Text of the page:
Why We Live in Colorado You Asked, Here's the Answer
March 21, 2014
Yesterday someone asked if I'd share where we lived. Many people have asked and in typing a reply, it morphed into this article. We are in Pueblo West, Colorado about 5 minutes from Lake Pueblo. How we ended up here is another story.
Photo: One of the marinas at Lake Pueblo. This 11-mile long reservoir is both for recreation and supplying drinking water to residents as far north as Colorado Springs.
While we still lived in Australia, all I ever wanted to do for those 51⁄2 long years every single day was to come home to America. Warts and all. It is about heritage, family, friends, humor, history and where your heart lies. Not that Australians aren't lovely people, it just wasn't home.
After Y2K, Stan and I prayed for direction. It took 6 months for an answer and even longer to sell our farmlet. The Lord showed Stan this exact property in southern Colorado. It was clearly spelled out on a map that Stan viewed. Each time he raised his head, it was pushed down again as in pay attention!
We came home to a Country we barely recognize with two Australian cattle dogs and 22,000 pounds of stuff.
For 20 years before that I lived in northern Colorado, watched many Californians move in. Along with them came drugs, gangs and New Age beliefs. The first two observations came straight from local cops who monitor these things. Don't mean to hurt feelings, just saying it true. This transition corrupted Colorado from a moderate, decent place that embraced the Constitution to a flaming liberal unrecognizable state. Now it promotes drugs, homosexuality and an array of other non-Biblical things. Now we have Denver International Airport with those goofy controversial paintings, residents actively promoting Agenda 21, and a constant battle against onerous gun control measures. Colorado has gone all loosey-goosey, all P.C. and there is a price for that.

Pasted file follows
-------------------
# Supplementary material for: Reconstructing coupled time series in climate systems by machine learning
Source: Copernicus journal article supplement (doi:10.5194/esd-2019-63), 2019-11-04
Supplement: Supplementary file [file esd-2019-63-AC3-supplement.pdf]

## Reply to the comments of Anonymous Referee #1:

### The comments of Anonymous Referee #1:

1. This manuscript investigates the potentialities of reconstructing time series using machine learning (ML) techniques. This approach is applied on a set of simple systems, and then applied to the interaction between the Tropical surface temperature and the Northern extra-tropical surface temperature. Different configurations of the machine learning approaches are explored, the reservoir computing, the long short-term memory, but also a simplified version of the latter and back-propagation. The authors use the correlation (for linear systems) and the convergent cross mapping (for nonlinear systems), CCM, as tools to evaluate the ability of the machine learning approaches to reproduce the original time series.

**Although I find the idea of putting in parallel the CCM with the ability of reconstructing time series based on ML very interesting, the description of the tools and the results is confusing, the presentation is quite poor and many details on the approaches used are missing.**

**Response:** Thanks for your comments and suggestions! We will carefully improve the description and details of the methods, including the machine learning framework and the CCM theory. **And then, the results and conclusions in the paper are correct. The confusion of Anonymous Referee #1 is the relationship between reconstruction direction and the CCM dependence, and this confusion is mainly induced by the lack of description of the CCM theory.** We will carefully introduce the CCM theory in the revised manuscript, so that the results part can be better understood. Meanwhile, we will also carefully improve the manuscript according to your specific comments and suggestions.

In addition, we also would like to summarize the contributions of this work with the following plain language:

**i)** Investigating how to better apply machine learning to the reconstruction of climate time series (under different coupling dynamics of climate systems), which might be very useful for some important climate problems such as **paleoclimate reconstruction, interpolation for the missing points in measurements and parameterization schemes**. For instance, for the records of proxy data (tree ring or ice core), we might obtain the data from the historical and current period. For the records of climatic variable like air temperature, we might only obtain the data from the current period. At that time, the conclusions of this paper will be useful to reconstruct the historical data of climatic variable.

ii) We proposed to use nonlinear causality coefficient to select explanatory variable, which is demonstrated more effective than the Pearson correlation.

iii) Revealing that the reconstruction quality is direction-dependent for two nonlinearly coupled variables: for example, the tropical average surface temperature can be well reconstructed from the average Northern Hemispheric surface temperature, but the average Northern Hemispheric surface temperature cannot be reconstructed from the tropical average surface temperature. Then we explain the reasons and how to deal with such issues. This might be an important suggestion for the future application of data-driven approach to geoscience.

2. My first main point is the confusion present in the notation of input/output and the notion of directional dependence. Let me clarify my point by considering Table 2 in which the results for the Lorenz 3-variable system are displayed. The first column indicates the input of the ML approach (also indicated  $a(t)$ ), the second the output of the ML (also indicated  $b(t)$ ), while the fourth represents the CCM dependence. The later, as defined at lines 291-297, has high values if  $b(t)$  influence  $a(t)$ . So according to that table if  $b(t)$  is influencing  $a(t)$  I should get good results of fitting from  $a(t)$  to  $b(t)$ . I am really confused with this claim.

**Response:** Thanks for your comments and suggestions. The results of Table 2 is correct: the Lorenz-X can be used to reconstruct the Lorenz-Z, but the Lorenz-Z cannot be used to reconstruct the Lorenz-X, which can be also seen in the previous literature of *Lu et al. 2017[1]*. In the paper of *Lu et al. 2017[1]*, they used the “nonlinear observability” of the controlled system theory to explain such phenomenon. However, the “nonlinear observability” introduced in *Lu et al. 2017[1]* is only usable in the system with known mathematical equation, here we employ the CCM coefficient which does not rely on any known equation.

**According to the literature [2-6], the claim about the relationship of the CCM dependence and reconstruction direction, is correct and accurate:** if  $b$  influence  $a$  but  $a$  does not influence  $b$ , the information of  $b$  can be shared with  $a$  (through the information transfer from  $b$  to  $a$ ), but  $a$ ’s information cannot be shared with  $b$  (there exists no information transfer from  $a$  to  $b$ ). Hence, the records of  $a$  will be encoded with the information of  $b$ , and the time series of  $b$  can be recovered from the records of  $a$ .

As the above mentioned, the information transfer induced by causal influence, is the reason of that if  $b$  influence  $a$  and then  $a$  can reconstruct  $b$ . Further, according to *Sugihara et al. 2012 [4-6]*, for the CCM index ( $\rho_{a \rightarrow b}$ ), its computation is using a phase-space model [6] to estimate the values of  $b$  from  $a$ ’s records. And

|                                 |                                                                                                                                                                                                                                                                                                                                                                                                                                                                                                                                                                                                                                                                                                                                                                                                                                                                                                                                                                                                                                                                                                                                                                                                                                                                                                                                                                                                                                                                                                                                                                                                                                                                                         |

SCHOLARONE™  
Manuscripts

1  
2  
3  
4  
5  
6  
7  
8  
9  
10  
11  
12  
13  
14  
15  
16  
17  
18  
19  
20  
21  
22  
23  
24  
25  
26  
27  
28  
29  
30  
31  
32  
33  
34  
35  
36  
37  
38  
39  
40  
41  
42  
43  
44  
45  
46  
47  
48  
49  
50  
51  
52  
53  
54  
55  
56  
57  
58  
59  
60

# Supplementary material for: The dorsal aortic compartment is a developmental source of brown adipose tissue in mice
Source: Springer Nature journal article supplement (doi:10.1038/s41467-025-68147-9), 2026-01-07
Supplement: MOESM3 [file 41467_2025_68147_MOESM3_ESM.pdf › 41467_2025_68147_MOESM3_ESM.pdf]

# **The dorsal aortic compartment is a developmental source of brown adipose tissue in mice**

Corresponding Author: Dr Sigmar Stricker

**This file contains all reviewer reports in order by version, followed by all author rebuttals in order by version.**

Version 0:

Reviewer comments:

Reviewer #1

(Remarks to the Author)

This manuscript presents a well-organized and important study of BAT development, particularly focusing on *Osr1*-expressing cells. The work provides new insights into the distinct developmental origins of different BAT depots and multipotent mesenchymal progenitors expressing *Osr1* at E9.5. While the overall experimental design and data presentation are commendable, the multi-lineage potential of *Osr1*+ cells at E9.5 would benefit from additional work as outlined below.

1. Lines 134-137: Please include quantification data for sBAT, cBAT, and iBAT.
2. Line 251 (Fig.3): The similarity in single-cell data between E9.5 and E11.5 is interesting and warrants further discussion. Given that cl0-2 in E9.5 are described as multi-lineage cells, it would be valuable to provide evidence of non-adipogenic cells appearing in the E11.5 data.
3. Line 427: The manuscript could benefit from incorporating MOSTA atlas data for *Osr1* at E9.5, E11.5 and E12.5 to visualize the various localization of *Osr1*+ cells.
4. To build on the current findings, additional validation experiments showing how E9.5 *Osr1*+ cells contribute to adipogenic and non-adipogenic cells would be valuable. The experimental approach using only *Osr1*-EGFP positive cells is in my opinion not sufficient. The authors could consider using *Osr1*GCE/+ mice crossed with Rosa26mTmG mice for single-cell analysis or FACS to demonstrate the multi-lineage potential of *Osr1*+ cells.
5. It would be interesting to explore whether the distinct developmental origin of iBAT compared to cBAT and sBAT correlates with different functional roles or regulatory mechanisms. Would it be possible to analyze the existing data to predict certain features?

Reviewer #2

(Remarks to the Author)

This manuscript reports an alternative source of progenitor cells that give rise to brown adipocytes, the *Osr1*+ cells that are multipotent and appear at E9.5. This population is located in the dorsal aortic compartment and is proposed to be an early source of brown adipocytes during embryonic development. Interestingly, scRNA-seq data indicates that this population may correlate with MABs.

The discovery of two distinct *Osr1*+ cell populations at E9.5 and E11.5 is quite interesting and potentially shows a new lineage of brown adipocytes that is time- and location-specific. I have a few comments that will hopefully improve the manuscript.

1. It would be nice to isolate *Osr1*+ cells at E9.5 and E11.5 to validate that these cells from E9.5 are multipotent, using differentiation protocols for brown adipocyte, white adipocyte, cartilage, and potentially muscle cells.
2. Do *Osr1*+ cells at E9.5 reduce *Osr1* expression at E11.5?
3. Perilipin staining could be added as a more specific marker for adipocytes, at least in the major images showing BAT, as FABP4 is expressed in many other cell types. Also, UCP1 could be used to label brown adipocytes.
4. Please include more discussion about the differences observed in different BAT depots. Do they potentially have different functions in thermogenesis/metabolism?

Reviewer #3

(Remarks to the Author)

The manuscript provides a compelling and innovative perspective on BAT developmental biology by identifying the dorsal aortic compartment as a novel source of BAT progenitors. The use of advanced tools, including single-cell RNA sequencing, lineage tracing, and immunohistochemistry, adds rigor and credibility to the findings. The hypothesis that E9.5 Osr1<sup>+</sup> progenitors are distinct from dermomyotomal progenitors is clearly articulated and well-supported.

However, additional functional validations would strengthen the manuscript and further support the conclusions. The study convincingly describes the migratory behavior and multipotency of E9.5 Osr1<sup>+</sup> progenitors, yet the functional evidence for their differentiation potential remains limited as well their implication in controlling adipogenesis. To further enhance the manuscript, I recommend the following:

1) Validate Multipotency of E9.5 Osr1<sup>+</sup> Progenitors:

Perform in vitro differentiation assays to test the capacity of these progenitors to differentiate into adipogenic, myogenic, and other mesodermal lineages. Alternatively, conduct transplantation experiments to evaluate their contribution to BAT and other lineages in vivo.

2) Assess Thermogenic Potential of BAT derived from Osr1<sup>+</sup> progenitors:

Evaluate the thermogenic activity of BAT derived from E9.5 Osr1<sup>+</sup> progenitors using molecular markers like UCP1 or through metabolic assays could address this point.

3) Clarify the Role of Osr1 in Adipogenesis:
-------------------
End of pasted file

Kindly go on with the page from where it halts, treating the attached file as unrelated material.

So Stan and I live where my northern friends and I used to refer to as the 'armpit of Colorado'. (Be careful who and what you denigrate as it may come back to haunt.) It's economically lower end compared to Denver and Ft. Collins, with 42% Hispanic population in the county. Many illegals are employed on construction sites. In Pueblo West, the Hispanic population is 22%. Most own their own businesses or are military-affiliated. Because there is such an Hispanic influence in Pueblo county who embrace Catholicism, their beliefs help combat some of the nonsense running about.
Pueblo, the city proper, 20 minutes east of us, used to be a smelly town as it was a steel city. Some of the ugly steel factories are still here, downtown, but now owned by Russians, Evraz Group. Can you believe this? The mind boggles. That said, we never see anyone here running around in funny red hats speaking Ruskie.